So, during the period of time of practising meditation for wisdom regard, an individual lives in the fresh air of mind with happy feelings and gets rid of all troubles, worries withering the flowers of young generations

In addition to the above things, the practice of following breathing in - and breathing out may help worldly men improve their capacity of memory and observation which is very interesting to students in schools; the practice of following and observing their mind will help them see their mental problems as the result of a task of self - therapy.

In short, the way of Buddhist meditation, including Calm (samatha) and Insight (vipassanā) is the way of seeing, developing and cultivating one's mind. Without it, a person cannot understand what he really is, and cannot resolve his psychological problems for peace and happiness in the here - and - now, as Lord Buddha affirmed:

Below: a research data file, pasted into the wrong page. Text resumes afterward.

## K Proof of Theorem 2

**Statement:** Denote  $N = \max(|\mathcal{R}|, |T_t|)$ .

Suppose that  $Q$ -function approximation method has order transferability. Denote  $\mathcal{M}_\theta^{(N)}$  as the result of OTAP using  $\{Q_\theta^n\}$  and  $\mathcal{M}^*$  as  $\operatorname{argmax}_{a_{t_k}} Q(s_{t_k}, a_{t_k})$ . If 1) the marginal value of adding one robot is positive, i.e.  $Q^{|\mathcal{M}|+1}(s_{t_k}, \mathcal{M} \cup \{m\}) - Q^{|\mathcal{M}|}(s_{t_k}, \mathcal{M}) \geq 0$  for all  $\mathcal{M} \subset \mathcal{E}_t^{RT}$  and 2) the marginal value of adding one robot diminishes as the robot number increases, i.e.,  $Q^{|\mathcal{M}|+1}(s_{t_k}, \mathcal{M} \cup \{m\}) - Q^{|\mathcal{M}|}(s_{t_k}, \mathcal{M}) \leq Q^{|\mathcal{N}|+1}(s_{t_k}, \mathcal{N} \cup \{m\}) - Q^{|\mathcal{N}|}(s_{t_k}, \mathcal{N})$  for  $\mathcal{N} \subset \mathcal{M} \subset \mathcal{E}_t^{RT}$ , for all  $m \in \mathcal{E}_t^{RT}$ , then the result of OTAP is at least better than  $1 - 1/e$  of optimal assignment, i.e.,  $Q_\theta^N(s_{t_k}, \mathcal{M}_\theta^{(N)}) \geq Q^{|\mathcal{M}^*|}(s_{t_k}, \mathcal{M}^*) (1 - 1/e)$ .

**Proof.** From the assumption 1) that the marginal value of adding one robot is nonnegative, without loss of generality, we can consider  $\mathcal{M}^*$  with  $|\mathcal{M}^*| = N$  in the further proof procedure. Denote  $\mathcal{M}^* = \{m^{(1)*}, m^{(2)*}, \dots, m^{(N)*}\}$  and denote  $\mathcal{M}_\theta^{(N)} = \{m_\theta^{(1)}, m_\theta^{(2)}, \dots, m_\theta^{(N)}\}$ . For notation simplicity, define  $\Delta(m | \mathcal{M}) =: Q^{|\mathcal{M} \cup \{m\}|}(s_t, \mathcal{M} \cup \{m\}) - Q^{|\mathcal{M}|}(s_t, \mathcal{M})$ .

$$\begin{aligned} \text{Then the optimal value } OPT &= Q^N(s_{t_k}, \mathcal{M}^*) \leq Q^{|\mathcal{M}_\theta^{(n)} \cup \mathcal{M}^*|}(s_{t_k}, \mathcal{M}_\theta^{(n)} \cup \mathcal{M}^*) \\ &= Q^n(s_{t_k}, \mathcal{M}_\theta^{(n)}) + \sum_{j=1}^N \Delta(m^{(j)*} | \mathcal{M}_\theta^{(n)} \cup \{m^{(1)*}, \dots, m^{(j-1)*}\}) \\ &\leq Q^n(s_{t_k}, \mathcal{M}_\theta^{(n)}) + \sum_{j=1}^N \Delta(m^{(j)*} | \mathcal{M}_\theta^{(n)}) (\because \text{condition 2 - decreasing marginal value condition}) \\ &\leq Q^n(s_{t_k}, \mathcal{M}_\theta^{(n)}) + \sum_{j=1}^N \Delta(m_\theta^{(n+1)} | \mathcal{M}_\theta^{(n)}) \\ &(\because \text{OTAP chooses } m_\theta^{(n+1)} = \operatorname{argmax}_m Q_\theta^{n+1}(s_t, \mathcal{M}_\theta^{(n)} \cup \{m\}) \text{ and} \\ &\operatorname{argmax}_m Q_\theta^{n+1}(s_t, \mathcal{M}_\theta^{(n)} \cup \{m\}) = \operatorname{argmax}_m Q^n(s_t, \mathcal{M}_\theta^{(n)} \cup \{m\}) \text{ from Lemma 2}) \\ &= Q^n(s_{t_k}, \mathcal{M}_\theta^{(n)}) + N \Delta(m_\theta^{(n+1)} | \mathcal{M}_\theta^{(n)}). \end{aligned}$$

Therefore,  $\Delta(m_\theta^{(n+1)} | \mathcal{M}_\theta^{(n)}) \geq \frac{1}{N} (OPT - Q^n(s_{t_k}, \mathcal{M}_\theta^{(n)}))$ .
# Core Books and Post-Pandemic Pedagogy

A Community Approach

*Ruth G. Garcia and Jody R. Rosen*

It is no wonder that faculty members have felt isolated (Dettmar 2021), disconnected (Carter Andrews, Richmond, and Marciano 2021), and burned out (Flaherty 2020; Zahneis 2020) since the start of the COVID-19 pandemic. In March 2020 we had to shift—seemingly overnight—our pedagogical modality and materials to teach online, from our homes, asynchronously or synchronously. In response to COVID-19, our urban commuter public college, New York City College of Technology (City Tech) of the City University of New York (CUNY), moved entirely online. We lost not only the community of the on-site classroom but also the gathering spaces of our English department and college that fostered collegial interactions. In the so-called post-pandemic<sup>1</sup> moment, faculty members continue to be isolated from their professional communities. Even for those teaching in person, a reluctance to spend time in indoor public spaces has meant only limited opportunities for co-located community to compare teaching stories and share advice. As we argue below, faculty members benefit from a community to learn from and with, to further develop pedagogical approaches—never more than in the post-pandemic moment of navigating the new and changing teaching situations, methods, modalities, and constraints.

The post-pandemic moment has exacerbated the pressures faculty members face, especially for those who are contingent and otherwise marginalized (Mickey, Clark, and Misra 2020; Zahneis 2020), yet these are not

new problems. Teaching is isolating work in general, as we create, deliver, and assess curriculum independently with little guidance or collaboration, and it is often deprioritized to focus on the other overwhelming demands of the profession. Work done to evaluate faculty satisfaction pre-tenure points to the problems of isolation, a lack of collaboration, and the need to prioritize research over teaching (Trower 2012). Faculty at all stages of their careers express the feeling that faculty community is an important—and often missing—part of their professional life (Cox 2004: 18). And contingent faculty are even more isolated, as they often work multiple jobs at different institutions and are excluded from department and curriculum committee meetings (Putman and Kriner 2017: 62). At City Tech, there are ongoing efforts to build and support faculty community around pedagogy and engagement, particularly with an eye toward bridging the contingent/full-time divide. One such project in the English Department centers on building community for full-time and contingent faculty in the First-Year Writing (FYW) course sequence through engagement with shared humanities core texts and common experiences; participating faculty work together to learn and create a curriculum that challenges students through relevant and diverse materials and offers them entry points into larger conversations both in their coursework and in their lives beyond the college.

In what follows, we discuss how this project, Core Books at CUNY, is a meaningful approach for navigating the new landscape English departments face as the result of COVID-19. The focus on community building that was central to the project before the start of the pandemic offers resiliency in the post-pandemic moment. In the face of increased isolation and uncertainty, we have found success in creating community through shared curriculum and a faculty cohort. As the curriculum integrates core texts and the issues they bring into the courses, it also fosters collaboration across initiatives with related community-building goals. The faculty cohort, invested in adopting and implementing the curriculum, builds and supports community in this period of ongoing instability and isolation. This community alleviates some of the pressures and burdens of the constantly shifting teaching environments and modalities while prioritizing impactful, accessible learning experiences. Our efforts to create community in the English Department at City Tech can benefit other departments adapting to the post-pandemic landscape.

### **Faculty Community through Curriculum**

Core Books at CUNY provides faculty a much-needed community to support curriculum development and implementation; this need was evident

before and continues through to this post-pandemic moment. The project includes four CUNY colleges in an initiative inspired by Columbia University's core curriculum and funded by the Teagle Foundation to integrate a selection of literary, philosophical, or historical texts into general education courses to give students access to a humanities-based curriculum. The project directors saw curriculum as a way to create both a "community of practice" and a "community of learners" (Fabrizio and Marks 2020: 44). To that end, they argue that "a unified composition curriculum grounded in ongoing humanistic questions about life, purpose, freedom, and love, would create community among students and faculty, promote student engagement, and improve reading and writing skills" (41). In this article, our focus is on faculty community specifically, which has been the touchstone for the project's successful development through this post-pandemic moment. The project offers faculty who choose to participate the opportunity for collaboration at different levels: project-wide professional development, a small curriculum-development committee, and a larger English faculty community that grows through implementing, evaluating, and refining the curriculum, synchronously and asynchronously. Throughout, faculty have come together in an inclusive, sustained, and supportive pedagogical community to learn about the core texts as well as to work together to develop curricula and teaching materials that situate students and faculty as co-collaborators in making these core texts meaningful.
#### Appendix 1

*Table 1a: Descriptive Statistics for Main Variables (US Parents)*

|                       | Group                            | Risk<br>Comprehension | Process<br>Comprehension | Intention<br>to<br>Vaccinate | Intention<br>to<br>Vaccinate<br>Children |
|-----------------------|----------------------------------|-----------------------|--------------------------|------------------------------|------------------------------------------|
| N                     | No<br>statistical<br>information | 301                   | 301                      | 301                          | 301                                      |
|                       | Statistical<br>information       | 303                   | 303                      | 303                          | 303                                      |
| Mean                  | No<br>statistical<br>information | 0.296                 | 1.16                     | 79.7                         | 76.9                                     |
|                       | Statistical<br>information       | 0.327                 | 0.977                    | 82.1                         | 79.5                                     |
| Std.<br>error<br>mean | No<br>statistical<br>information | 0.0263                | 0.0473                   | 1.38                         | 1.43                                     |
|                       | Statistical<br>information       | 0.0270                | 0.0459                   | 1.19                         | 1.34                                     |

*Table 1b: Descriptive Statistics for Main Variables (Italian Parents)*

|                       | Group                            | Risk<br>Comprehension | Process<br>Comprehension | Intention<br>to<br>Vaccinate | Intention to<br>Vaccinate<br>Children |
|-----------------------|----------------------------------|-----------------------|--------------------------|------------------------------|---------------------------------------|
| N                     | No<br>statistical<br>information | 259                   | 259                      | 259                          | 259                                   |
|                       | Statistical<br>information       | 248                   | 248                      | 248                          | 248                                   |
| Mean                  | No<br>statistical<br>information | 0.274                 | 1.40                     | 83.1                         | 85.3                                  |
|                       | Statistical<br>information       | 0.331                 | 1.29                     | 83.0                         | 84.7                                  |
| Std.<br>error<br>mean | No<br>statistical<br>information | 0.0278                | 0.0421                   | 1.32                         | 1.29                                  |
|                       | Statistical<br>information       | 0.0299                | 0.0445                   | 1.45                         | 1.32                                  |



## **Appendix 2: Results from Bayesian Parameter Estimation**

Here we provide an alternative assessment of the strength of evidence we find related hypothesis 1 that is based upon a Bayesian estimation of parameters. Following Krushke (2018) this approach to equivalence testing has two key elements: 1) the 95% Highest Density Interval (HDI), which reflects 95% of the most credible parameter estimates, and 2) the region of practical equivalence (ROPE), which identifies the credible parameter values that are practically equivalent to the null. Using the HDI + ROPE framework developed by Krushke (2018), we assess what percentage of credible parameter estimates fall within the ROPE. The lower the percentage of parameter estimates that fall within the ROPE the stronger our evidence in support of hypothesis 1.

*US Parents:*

" There is, monks, this only way to the purification of beings, for the overcoming of sorrow and distress, for the disappearance of pain and sadness, for the gaining of the right path, for the realization of Nibbāna: that is to say the four foundations of mindfulness." (46)


("Ekāyāno ayam, bhikkhave, maggo sattānam visudhiyā sokapatiddavānam samatikkamāya dukkhadomassānam atthagamāya nāyassaadhigamāya nibbānassa sacchikiriyāya cattāro satipatthanā.") (47)

But being with the practice of it - meaning the practice of Four Foundations of Mindfulness, cattāro satipatthāna - is the real meaning of a significant life to live: it is the way of return to oneself for taking refuge in oneself but not in any other man or superpower; it is the way to be an island for oneself. During His last days before parinibbāna, Lord Buddha solicitously taught Ānanda, his closest disciple, that: